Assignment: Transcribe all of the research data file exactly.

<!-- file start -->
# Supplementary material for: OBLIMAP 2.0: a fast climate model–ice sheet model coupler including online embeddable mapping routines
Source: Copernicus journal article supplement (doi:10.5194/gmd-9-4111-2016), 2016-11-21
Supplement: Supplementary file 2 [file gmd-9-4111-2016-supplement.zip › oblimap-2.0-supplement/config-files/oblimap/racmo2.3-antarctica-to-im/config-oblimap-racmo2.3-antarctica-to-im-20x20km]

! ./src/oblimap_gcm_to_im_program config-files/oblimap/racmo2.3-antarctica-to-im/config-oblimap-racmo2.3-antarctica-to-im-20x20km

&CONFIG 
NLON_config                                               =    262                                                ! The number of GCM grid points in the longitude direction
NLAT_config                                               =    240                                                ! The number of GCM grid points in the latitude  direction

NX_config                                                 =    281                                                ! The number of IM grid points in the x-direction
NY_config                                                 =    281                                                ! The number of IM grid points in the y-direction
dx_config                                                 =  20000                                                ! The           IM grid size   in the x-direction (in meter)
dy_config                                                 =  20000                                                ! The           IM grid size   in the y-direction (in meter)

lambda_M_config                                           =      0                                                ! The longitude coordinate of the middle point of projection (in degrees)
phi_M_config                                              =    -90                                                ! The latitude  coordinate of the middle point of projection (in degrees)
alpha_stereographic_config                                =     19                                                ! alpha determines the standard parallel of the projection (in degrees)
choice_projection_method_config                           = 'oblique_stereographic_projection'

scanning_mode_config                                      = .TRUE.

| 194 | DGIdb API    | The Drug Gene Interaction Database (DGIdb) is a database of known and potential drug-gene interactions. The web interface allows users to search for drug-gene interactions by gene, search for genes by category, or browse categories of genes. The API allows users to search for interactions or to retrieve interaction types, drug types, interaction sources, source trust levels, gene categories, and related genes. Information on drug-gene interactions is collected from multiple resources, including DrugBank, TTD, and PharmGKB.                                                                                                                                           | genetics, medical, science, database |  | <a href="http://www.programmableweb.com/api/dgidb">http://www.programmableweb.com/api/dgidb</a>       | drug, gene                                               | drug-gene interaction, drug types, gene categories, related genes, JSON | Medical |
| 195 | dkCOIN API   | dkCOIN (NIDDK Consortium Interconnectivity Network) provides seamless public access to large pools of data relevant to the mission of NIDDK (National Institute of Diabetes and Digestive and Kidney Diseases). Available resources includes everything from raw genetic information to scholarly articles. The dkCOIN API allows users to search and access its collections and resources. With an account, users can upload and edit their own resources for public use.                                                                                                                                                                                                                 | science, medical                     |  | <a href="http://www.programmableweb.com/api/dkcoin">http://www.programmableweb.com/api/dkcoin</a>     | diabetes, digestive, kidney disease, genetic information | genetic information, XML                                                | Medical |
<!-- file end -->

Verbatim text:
# Supplementary material for: OBLIMAP 2.0: a fast climate model–ice sheet model coupler including online embeddable mapping routines
Source: Copernicus journal article supplement (doi:10.5194/gmd-9-4111-2016), 2016-11-21
Supplement: Supplementary file 2 [file gmd-9-4111-2016-supplement.zip › oblimap-2.0-supplement/config-files/oblimap/racmo2.3-antarctica-to-im/config-oblimap-racmo2.3-antarctica-to-im-20x20km]

! ./src/oblimap_gcm_to_im_program config-files/oblimap/racmo2.3-antarctica-to-im/config-oblimap-racmo2.3-antarctica-to-im-20x20km

&CONFIG 
NLON_config                                               =    262                                                ! The number of GCM grid points in the longitude direction
NLAT_config                                               =    240                                                ! The number of GCM grid points in the latitude  direction

NX_config                                                 =    281                                                ! The number of IM grid points in the x-direction
NY_config                                                 =    281                                                ! The number of IM grid points in the y-direction
dx_config                                                 =  20000                                                ! The           IM grid size   in the x-direction (in meter)
dy_config                                                 =  20000                                                ! The           IM grid size   in the y-direction (in meter)

lambda_M_config                                           =      0                                                ! The longitude coordinate of the middle point of projection (in degrees)
phi_M_config                                              =    -90                                                ! The latitude  coordinate of the middle point of projection (in degrees)
alpha_stereographic_config                                =     19                                                ! alpha determines the standard parallel of the projection (in degrees)
choice_projection_method_config                           = 'oblique_stereographic_projection'

scanning_mode_config                                      = .TRUE.

| 194 | DGIdb API    | The Drug Gene Interaction Database (DGIdb) is a database of known and potential drug-gene interactions. The web interface allows users to search for drug-gene interactions by gene, search for genes by category, or browse categories of genes. The API allows users to search for interactions or to retrieve interaction types, drug types, interaction sources, source trust levels, gene categories, and related genes. Information on drug-gene interactions is collected from multiple resources, including DrugBank, TTD, and PharmGKB.                                                                                                                                           | genetics, medical, science, database |  | <a href="http://www.programmableweb.com/api/dgidb">http://www.programmableweb.com/api/dgidb</a>       | drug, gene                                               | drug-gene interaction, drug types, gene categories, related genes, JSON | Medical |
| 195 | dkCOIN API   | dkCOIN (NIDDK Consortium Interconnectivity Network) provides seamless public access to large pools of data relevant to the mission of NIDDK (National Institute of Diabetes and Digestive and Kidney Diseases). Available resources includes everything from raw genetic information to scholarly articles. The dkCOIN API allows users to search and access its collections and resources. With an account, users can upload and edit their own resources for public use.                                                                                                                                                                                                                 | science, medical                     |  | <a href="http://www.programmableweb.com/api/dkcoin">http://www.programmableweb.com/api/dkcoin</a>     | diabetes, digestive, kidney disease, genetic information | genetic information, XML                                                | Medical |